So can Mr Blair and his henchmen rest on their laurels, and should the Conservative and Liberal Democrats be unduly depressed? As long as the economy keeps ticking over under the Midas touch of Gordon Brown, there may be little that opposition parties can do, in the short term, to make any impact. That is not to say they should also rest on their laurels. They must take advantage of opportunities, such as have occurred in the past fortnight; otherwise they are prey to attack for not doing their proper job of scrutinising government.
Unlike Mr Kinnock with Margaret Thatcher on Westland, Iain Duncan Smith managed to get the Prime Minister to lose his cool in the Commons and respond with "Garbagegate", a word that conjures up sleaze and stench and may yet boomerang on Mr Blair. But Mr Duncan Smith continues to be hobbled by reminders of Tory sleaze, which may account for the fact that the issue does not play well in the polls. Mr Blair's return quip that one Tory (Jonathan Aitken) had recently been let out of jail while another (Jeffrey Archer) was still in jail, gave the Prime Minister a cheap, below the belt, shot at the Tories.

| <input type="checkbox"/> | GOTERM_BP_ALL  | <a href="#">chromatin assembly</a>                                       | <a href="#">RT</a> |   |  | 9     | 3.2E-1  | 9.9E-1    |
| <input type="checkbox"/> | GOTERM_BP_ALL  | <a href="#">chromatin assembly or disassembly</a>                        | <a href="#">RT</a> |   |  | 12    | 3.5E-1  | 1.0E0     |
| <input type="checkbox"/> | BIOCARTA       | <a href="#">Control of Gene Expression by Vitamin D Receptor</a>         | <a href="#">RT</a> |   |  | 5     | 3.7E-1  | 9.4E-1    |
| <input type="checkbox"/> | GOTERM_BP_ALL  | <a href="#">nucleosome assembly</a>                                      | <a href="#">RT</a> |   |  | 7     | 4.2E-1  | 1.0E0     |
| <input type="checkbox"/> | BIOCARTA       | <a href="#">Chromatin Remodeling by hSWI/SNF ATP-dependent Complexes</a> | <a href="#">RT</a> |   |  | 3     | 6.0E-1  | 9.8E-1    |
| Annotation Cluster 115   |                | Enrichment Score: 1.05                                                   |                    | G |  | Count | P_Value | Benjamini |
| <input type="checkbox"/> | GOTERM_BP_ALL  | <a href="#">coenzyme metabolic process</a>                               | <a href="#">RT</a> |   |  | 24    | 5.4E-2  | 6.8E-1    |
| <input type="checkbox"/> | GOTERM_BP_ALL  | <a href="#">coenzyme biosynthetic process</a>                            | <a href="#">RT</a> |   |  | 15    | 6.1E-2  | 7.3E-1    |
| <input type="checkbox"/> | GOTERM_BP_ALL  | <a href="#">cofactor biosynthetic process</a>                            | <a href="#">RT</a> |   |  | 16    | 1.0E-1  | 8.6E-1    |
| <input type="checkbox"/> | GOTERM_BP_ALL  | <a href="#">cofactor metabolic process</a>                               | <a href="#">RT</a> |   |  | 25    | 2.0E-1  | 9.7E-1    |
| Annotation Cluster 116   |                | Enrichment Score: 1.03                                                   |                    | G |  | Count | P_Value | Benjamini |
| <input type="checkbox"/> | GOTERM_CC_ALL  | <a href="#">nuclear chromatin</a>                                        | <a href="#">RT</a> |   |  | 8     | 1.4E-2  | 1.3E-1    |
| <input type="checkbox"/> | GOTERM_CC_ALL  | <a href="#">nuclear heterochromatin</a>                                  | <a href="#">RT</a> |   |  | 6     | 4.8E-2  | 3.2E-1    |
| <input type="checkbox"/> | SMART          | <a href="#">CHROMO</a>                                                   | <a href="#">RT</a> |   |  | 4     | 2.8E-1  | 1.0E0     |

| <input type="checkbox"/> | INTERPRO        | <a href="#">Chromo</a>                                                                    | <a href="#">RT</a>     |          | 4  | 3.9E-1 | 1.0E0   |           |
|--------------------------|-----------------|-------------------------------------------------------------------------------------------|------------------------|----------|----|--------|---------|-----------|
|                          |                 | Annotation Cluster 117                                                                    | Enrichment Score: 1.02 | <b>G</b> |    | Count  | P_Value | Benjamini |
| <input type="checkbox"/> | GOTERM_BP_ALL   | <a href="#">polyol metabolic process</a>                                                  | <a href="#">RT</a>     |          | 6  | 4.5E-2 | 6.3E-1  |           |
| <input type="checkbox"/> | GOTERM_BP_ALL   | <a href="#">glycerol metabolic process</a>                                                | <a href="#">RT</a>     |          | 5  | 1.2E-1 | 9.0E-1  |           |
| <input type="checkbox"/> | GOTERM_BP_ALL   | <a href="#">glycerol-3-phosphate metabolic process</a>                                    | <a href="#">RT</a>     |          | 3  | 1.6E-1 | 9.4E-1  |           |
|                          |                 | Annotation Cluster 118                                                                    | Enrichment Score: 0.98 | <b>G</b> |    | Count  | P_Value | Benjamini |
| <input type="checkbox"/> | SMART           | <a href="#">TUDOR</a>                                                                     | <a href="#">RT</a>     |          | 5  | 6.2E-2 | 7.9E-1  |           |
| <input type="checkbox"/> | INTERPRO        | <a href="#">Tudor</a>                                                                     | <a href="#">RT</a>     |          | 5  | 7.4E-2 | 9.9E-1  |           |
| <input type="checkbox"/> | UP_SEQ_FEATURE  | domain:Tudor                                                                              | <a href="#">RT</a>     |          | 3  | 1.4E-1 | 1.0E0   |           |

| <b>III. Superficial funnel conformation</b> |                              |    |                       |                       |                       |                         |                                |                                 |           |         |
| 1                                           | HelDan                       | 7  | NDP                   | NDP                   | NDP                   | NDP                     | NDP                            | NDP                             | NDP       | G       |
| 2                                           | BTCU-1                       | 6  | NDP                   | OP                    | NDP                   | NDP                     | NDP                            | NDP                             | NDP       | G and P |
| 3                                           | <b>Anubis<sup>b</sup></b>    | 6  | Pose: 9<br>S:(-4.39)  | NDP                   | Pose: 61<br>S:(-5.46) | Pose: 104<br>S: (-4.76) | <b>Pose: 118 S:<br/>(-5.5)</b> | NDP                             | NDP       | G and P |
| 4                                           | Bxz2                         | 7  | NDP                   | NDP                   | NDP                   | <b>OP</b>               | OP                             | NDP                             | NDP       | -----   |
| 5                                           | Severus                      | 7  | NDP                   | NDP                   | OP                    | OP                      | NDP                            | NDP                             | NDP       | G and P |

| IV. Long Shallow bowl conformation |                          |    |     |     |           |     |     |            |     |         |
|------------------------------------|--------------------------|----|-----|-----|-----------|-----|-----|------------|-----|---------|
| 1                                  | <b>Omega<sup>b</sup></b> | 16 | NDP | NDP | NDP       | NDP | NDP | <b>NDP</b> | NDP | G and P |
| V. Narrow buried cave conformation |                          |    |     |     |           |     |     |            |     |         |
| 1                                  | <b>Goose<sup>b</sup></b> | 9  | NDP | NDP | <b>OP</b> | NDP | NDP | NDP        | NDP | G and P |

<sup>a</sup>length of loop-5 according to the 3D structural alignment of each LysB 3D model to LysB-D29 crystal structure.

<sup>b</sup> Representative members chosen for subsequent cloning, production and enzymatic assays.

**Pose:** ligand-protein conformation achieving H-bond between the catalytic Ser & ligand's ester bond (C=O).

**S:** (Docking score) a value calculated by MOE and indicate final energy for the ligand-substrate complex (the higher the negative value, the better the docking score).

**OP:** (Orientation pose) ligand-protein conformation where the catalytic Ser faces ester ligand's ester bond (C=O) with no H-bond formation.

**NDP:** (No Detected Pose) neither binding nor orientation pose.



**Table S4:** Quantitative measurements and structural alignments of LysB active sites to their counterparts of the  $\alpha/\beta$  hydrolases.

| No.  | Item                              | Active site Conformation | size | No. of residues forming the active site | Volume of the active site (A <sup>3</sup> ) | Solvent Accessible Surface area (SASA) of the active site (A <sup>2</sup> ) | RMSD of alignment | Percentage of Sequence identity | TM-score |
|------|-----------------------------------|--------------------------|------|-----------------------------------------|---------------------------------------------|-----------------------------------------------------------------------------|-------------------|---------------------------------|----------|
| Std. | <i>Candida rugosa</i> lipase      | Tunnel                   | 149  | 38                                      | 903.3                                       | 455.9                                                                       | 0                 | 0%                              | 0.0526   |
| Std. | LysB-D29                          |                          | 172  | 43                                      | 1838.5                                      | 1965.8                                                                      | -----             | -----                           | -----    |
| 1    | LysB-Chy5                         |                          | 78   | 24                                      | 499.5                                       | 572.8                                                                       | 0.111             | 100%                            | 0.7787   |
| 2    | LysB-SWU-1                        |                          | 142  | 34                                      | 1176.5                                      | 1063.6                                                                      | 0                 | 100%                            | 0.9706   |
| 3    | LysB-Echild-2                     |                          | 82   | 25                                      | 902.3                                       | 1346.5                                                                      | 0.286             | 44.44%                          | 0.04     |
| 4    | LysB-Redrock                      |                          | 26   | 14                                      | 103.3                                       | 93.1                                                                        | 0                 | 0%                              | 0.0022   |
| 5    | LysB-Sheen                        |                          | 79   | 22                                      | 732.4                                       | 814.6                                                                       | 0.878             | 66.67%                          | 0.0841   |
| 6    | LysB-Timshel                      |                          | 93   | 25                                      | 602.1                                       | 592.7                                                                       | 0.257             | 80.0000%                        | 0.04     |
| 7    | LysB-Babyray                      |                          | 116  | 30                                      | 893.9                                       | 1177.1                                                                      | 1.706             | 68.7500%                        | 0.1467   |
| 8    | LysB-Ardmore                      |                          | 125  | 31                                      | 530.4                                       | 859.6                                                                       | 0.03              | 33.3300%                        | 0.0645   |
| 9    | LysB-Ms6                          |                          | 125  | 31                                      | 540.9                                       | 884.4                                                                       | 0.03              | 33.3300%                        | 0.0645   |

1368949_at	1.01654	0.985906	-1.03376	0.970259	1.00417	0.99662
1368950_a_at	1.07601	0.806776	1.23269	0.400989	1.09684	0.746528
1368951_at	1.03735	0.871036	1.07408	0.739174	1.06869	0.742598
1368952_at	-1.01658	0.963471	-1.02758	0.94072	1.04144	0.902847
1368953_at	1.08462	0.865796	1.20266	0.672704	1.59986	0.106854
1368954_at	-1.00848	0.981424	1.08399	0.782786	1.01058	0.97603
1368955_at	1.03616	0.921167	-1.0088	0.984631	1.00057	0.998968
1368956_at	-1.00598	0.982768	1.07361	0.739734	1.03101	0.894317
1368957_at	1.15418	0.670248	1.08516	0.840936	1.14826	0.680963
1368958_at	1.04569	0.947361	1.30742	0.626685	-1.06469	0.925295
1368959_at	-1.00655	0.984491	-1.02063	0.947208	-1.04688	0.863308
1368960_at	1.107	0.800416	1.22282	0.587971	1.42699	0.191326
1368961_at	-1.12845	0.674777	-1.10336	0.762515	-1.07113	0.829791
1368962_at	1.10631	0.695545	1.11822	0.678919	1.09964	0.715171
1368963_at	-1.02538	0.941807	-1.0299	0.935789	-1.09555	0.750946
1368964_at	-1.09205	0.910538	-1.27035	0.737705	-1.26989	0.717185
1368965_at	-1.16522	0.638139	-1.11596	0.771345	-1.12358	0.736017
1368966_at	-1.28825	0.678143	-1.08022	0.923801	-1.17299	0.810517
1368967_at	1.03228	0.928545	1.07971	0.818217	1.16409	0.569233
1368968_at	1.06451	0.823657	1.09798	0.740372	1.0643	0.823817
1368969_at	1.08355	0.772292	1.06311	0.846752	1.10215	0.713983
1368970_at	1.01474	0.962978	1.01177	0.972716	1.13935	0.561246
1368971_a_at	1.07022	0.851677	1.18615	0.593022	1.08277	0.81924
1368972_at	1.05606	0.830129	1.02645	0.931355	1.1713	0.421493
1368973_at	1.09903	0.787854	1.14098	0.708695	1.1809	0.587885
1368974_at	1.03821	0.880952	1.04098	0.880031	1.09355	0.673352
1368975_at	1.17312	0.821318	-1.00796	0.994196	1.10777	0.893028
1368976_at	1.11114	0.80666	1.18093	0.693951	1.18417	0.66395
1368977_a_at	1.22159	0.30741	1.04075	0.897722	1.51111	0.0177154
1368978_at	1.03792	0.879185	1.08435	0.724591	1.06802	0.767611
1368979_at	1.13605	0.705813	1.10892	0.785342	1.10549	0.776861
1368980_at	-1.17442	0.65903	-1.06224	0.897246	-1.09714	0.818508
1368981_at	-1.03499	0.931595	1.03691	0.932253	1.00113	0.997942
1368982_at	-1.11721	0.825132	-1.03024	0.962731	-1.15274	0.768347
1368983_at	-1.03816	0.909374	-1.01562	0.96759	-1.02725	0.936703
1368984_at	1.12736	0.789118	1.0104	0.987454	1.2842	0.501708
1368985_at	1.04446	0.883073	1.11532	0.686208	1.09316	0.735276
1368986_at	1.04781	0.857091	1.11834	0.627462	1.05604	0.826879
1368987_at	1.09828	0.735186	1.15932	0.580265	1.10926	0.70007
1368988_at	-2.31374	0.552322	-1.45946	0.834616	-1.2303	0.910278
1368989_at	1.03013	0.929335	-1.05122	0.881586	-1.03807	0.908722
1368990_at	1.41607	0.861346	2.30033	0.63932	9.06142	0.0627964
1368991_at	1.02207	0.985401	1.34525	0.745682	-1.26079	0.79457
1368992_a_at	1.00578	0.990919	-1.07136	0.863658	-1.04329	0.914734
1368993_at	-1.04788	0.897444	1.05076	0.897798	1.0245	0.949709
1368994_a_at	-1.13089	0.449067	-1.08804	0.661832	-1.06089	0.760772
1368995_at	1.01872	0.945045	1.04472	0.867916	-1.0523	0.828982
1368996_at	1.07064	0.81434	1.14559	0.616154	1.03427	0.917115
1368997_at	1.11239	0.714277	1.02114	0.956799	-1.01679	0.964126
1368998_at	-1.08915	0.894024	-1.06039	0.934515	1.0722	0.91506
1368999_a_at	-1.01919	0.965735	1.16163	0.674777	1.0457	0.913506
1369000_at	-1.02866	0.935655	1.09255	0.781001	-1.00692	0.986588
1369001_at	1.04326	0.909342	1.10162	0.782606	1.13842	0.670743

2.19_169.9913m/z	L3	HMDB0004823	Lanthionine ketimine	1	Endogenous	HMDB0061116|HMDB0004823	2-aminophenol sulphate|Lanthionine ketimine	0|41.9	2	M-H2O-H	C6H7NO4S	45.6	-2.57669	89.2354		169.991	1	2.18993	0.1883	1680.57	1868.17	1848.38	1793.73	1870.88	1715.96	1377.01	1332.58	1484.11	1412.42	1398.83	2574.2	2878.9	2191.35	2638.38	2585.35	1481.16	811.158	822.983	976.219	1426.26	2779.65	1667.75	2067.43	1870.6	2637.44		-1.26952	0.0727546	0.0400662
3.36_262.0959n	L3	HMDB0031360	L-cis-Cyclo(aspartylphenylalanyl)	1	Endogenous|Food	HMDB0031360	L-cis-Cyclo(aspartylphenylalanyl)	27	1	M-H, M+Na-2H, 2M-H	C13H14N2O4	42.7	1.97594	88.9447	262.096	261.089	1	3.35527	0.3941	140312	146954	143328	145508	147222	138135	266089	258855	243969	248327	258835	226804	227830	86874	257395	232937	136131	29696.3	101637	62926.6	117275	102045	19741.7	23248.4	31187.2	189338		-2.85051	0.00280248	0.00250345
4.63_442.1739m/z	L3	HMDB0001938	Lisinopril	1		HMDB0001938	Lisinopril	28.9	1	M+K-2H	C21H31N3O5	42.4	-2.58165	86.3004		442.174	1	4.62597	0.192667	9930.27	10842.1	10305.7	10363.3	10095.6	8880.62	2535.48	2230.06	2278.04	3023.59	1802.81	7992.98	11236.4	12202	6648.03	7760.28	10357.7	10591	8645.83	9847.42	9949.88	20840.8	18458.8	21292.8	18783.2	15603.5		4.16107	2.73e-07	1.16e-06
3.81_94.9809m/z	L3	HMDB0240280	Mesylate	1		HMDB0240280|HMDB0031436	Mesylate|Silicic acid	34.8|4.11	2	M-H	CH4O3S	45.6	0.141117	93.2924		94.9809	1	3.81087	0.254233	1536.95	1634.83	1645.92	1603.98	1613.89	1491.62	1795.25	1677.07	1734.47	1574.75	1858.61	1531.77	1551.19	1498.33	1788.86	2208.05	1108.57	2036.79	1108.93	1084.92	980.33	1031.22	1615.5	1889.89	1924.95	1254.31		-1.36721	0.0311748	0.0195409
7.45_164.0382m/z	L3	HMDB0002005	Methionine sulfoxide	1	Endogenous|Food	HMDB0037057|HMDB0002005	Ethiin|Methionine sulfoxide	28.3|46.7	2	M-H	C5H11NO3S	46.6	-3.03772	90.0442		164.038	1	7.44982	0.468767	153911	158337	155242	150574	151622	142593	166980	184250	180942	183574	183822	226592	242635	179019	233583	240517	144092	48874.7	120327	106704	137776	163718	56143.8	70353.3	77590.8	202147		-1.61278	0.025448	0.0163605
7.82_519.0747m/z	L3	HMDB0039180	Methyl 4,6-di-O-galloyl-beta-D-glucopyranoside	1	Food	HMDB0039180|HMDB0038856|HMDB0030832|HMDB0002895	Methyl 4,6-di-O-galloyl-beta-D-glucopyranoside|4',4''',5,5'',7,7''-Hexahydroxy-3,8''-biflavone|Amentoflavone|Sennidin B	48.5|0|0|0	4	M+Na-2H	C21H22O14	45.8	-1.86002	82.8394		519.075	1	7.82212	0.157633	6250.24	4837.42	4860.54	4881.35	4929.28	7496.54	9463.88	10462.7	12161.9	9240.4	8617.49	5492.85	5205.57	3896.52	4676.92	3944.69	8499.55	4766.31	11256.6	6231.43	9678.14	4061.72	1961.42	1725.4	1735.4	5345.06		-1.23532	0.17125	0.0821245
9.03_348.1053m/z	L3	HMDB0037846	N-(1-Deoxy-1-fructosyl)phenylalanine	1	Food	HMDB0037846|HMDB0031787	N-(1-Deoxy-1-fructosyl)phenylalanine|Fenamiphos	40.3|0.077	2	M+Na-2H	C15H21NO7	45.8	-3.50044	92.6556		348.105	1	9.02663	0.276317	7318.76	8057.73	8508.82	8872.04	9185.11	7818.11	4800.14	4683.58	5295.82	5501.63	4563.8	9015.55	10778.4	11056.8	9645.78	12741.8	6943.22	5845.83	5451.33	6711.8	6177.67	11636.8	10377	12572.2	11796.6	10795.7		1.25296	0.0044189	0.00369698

So the Tories have made some minor progress. Mr Duncan Smith should worry less about the headline polls and take greater comfort from the fact that a weekend poll showed that the public thought Labour was even sleazier than the Tories. Whereas the Tories were once perceived as the sleazy party, Mr Blair's own catalogue of catastrophe on sleaze means that both parties are now regarded as sleazy as each other. In the tit-for-tat currency of British political debate this does not, on its own, advance the case for the Tories, but reinforces the disengagement of the public from the whole process and increases the likelihood of even greater apathy.
There have, however, been other incremental gains for the Tories that show that they are learning the difficult art of opposition that they never mastered under William Hague. And there has been another new star who – along with Oliver Letwin, the home affairs spokesman – has passed the competence test on the Opposition front bench.